Never underestimate the gravity of sound. In “A Quiet Place” — from John Krasinski, who co-wrote the script, directed and stars alongside his wife, Emily Blunt — looming monsters hunt by noise, going after their prey when they hear its sound. For the farm-living Abbott family, silence is the only means of survival.
This means supervising sound editors Erik Aadahl and Ethan Van der Ryn, who share two Oscar nominations, had to shape an atmosphere with maximum auditory impact. “We knew it would be a huge challenge creating this world of quiet,” Aadahl says. “It’s actually as hard if not harder than making a movie full of sound. You’re naked in a way, and everything has to be delicately balanced and perfect.”
Perspective, or what the sound team called “sonic envelopes,” played a key part in ratcheting up tension, particularly from the point of view of the daughter, who is deaf. By harnessing her inability to hear, sounds could be removed during visually intense moments to magnify the macabre. “Going into her perspective sonically allows the audience to hear what she experiences at the same time we see what’s lurking behind her. It’s an interesting dynamic,” notes Aadahl.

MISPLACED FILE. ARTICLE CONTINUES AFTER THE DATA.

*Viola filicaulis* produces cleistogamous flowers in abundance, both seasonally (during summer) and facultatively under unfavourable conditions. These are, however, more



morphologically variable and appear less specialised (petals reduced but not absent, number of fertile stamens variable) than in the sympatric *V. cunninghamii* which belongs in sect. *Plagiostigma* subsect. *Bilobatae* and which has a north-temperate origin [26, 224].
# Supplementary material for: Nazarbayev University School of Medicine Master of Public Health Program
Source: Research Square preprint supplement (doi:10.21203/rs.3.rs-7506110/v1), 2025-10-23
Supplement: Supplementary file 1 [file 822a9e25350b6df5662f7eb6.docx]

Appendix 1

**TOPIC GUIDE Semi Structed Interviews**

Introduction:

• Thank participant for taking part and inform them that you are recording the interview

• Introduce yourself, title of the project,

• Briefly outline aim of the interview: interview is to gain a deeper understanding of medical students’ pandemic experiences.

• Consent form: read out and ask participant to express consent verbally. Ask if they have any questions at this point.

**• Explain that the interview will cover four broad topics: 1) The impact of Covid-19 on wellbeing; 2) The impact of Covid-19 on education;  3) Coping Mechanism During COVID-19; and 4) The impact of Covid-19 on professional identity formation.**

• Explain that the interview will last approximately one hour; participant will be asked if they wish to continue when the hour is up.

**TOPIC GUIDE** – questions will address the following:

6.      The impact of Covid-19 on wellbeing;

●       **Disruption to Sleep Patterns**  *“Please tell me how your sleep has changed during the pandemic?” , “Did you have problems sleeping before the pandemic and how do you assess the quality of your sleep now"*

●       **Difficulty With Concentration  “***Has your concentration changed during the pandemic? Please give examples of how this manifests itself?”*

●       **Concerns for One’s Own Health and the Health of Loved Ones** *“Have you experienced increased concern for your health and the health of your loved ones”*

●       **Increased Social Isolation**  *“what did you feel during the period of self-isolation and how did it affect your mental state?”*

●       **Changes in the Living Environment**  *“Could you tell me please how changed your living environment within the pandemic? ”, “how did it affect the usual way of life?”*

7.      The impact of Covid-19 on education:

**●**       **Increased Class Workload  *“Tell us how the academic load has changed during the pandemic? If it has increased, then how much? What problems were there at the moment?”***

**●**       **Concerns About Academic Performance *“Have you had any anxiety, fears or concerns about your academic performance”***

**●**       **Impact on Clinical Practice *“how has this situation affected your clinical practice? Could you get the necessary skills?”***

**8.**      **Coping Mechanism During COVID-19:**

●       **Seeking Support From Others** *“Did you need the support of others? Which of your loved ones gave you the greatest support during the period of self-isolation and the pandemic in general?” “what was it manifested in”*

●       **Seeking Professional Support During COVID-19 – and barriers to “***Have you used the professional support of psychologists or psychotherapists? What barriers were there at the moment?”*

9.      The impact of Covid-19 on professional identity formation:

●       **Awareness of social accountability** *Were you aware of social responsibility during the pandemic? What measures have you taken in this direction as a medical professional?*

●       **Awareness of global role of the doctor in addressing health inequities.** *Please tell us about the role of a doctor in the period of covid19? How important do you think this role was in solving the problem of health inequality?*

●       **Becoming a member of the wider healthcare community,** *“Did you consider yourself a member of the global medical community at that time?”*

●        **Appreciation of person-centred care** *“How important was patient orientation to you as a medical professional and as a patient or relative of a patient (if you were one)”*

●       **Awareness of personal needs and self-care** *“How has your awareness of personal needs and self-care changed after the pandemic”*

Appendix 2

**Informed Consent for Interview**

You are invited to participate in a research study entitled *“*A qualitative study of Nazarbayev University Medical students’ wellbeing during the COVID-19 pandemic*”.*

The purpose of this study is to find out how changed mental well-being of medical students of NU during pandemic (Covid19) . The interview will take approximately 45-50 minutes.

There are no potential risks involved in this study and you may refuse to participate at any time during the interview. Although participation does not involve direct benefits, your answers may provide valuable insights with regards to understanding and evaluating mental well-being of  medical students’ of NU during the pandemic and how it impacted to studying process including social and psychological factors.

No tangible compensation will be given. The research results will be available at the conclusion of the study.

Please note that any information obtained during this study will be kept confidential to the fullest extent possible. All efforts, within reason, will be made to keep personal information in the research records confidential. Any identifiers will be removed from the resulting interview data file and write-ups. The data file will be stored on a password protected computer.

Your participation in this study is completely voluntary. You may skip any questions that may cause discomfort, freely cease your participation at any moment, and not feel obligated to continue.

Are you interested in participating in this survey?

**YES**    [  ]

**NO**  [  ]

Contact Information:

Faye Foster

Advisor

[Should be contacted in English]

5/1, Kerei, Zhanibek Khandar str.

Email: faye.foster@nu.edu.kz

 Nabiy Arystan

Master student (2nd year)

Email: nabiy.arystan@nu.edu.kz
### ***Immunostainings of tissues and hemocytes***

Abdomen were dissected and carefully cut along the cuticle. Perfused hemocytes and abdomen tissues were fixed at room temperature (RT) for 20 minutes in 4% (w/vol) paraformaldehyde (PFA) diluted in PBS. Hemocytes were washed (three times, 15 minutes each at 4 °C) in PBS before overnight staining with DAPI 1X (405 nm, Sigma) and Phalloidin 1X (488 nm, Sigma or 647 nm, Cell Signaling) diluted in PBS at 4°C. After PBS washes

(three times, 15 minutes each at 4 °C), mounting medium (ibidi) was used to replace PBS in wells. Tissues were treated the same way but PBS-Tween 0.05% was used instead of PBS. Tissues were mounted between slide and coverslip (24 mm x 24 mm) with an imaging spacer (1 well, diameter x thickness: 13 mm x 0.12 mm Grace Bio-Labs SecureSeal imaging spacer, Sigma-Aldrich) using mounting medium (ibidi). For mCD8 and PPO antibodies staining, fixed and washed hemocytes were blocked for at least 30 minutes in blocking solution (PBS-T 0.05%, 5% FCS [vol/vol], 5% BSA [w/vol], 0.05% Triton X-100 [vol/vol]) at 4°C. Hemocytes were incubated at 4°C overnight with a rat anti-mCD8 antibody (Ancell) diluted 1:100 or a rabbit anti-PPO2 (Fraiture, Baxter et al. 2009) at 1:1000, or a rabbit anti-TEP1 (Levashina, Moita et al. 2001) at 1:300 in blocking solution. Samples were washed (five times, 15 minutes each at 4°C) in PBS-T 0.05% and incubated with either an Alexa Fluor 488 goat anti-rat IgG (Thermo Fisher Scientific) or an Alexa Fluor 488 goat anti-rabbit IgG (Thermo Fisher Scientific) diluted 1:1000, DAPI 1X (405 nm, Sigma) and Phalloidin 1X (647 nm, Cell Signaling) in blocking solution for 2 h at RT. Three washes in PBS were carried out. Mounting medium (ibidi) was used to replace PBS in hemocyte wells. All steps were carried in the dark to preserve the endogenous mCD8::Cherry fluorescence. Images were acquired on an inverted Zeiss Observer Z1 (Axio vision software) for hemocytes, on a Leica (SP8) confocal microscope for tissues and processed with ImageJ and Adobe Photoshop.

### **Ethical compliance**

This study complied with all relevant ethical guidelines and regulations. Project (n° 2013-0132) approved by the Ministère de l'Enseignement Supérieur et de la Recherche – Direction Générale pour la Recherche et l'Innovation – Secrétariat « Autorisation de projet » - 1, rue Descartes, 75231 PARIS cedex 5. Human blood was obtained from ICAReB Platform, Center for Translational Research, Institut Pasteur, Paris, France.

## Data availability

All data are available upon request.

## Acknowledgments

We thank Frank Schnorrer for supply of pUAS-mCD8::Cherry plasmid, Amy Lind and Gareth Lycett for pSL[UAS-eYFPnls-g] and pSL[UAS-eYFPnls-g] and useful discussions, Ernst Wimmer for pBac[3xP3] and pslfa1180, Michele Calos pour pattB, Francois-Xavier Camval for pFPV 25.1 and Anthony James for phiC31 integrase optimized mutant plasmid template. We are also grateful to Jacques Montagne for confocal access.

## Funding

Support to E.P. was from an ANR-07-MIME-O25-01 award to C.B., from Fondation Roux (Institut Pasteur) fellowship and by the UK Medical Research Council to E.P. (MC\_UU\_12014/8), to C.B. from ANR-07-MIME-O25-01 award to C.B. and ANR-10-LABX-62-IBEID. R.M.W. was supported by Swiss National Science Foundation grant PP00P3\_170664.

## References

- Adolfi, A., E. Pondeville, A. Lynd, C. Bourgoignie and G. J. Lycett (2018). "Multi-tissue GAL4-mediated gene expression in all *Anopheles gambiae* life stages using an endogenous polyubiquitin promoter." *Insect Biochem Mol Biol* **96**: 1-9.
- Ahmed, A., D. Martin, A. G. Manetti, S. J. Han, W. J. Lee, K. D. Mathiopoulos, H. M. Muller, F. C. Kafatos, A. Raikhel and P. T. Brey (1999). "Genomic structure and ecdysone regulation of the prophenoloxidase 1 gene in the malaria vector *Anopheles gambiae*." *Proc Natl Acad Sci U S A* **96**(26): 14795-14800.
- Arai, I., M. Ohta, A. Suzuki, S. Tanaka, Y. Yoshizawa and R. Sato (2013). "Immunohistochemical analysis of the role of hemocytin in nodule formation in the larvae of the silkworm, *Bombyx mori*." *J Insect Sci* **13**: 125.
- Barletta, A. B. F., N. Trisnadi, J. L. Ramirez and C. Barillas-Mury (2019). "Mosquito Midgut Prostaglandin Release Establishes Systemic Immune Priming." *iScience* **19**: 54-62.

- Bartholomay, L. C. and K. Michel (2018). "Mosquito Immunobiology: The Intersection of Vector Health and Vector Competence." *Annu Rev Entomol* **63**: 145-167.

At times, picture even took a backseat to the sound design. Because loudness motivates the hunt, visuals needed to be cut to whatever the creatures were tuning into, says Van der Ryn. “We discovered when telling the creatures’ perspective, it needed to be clear for the audience. So for instance, when Emily Blunt’s character sets an egg timer in order to create a distraction, we needed to show the creature’s ear first, then the egg timer.”
Rules defined what sounds were too loud or below the threshold of danger. Foley was meticulously placed, right down to sandy footsteps and eerie monster clicks, while the score carried the emotional swell. Composer Marco Beltrami “gave us a lot of wonderful music to choose from, and it was tough because we didn’t want it to interfere with the perspectives we created,” notes Van der Ryn. “The sound design is so important to the storytelling that we needed to get those beats all working correctly. Then we could add in the music to help us.”
Rerecording mixer Brandon Proctor connected music to the scary moments of the allegory. “There are a lot of jump scares in this movie, and we tried them many different ways,” Proctor says. “It was important to ask ourselves, ‘If they didn’t have music attached to them, why didn’t the creatures hear it?’”
Music also crafted the mood as it shifts from absolute silence to starkest dread. Scenes were mixed to maximize the tension aurally, either pushing up or pulling back the sensitivity of sounds to match visuals. “We were always asking where we are in the story or whose perspective we’re hearing, and do those background noises drip away in that moment,” Proctor explains. “It was an orchestra of these different ideas that created the soundscape. Sound is a tool that’s often underutilized, and this movie really proves you can do a lot more with it.”